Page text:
Eight-barn poultry operation gains tentative approval in Madison County
Once again, there was no opposition expressed Thursday for another proposed poultry feeding operation in southern Madison County.
Following a public hearing, the Madison County Joint Planning Commission voted 8-0 to approve the application of K & K Poultry for a poultry feeding operation located about 6 miles west and a half-mile north of Newman Grove. At least six people said they were in favor of it, with nobody opposed.
The permit will next be considered by the Madison County board of commissioners, likely in February.
Shawn Korth of rural Lindsay said he plans to construct eight barns on about 11.5 acres. His father will manage the operation, which will be for broiler chickens.
The land is zoned AG-1, which is designated for the county’s most intensive ag uses.
Similar to other proposals considered by the county, plans are for the chickens to be fed and grown for six weeks, then shipped to market. Manure management will be taken care of over two weeks, with six flocks of chickens arriving, being fed and shipped each year.
It is anticipated that there will be about 380,000 broiler chickens in the barns.
Andy Scholting of Nutrient Advisors in West Point, which has been working with growers through the permitting process, said the site is marked by heavy, deep clay soil.
After the chickens are shipped to market, the manure will be composted and wind-rowed. It will dry, then heat up to kill pathogens.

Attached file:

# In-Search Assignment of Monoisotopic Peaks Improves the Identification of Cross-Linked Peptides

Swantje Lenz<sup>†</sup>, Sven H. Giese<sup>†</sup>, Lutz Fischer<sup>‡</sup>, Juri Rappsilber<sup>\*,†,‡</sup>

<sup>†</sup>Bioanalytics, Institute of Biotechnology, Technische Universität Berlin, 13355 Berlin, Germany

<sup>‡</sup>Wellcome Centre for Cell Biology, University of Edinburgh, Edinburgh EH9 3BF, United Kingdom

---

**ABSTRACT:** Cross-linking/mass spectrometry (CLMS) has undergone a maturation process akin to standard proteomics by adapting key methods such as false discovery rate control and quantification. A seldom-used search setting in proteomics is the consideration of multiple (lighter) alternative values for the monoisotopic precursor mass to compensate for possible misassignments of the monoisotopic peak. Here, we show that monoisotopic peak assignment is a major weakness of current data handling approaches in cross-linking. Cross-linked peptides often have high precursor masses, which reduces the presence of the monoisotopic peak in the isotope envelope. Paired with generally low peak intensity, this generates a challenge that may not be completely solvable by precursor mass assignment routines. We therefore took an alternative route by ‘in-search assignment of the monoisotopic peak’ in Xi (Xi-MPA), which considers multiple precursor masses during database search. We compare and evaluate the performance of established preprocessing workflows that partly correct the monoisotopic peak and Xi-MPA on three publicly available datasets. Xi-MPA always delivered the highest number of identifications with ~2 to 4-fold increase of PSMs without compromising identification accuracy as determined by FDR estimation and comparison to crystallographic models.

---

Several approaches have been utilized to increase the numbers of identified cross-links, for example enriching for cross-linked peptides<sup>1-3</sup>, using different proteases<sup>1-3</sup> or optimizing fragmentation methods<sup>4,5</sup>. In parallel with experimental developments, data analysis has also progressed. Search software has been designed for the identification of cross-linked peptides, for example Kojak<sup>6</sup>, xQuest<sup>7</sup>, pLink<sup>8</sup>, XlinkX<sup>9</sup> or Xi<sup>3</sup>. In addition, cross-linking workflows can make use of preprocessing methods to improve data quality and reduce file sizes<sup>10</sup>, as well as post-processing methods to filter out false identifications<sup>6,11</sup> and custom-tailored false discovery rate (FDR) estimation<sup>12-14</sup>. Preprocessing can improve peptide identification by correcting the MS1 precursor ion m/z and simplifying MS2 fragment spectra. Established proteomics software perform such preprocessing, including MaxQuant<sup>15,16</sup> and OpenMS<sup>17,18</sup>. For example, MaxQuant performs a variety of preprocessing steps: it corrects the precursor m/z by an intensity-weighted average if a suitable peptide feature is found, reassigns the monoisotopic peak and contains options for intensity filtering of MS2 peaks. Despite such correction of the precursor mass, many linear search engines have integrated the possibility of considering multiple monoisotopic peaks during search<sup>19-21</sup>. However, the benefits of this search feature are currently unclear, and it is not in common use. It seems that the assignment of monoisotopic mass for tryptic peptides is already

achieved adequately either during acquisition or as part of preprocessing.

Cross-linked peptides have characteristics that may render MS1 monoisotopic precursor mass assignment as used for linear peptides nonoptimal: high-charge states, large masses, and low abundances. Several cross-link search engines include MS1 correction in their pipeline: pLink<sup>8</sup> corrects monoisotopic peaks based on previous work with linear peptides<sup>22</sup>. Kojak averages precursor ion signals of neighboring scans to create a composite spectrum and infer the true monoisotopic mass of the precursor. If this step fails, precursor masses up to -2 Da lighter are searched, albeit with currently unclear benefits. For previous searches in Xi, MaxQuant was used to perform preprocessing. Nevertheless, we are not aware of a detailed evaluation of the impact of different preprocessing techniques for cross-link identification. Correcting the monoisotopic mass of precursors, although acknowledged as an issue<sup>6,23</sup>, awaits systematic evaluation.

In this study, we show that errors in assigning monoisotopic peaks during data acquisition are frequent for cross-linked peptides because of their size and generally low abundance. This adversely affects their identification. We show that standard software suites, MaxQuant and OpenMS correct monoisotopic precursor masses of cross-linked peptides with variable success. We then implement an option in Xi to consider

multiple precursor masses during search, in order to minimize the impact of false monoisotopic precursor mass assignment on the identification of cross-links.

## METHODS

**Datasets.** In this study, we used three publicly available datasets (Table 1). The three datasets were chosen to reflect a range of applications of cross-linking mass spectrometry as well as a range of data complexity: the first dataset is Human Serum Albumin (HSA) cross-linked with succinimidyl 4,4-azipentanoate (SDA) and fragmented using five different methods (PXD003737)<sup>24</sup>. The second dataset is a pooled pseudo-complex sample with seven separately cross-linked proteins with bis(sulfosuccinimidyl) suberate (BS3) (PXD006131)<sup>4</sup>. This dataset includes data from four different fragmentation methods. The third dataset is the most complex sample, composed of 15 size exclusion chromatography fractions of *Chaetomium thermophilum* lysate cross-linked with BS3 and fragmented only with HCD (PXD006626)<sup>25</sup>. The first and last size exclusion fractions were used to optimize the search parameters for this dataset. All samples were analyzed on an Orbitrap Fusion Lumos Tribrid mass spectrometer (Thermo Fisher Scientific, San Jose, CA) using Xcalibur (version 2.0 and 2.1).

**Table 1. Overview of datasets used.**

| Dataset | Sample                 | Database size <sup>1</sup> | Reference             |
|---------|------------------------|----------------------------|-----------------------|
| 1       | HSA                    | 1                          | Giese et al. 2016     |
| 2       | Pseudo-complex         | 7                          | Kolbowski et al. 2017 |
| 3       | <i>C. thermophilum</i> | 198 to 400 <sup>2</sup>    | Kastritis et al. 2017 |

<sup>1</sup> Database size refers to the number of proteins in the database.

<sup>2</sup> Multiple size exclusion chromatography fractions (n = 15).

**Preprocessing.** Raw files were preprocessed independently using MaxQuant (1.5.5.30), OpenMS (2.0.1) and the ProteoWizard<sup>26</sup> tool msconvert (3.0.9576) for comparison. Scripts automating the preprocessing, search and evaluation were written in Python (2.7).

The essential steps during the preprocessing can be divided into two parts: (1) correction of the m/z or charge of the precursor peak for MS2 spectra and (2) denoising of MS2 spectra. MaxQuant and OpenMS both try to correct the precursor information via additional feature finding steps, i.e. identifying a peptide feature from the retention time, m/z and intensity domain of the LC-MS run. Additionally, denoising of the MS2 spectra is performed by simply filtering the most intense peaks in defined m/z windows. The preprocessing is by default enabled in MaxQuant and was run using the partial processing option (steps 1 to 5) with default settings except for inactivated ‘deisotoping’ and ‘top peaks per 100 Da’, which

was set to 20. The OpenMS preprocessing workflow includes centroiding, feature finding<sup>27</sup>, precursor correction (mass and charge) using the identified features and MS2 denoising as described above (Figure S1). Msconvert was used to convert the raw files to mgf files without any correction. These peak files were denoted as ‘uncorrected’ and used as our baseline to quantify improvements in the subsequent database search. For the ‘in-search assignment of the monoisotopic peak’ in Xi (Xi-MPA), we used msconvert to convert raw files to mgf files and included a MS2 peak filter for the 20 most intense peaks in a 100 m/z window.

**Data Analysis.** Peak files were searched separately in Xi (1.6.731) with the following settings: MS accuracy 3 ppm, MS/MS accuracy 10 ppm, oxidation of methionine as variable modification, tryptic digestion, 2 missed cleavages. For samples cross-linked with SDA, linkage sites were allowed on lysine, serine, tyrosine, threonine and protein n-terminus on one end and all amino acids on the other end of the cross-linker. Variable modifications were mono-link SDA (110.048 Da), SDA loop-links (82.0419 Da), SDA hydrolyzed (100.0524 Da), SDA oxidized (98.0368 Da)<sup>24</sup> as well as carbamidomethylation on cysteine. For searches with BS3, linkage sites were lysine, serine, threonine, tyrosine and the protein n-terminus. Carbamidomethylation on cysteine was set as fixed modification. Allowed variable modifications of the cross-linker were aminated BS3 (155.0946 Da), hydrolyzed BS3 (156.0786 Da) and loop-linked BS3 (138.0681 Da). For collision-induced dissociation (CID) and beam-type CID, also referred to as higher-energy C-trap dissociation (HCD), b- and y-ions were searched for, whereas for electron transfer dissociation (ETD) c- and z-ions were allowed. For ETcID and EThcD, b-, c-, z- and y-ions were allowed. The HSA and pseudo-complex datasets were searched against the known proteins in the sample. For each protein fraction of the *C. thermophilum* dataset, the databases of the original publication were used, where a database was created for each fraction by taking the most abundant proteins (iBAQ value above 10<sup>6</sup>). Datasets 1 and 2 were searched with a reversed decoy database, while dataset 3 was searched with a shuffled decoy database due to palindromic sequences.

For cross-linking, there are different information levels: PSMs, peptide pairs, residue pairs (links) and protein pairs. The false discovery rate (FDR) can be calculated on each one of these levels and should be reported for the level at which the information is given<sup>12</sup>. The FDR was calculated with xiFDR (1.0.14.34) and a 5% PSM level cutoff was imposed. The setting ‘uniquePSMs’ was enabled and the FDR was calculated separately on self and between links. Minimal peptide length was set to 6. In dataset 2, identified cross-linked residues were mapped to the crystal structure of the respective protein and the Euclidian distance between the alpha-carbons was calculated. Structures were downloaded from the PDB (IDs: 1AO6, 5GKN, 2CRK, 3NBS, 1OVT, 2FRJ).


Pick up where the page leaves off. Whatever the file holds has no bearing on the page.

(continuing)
It will be removed once a year so it can be transported elsewhere to be used as fertilizer on farm fields. Not all of the litter is removed, as it also helps to serve as insulation for the barns during the winter.
Once the litter is spread back out in the barns, it is treated with a product called Poultry Litter Treatment, which binds the ammonia to the litter.
Korth said the chickens will produce enough nitrogen to fertilize 350 acres of corn and enough phosphorous for 2,500 acres.
Between the land that the Korths farm and what some neighboring farmers want for manure, there are more than 2,600 acres available to spread the manure, he said.
Jessica Kolterman of Lincoln Premium Poultry, which is helping to supply chickens for a processing plant being built for Costco in Fremont, said it appears that the processing plant will open after Labor Day.
There are expected to be chickens already available locally to supply the plant, she said.
During earlier visits to the county, Kolterman said that within about a 60-mile radius of Fremont, about 100 to 125 sites would be chosen for barns.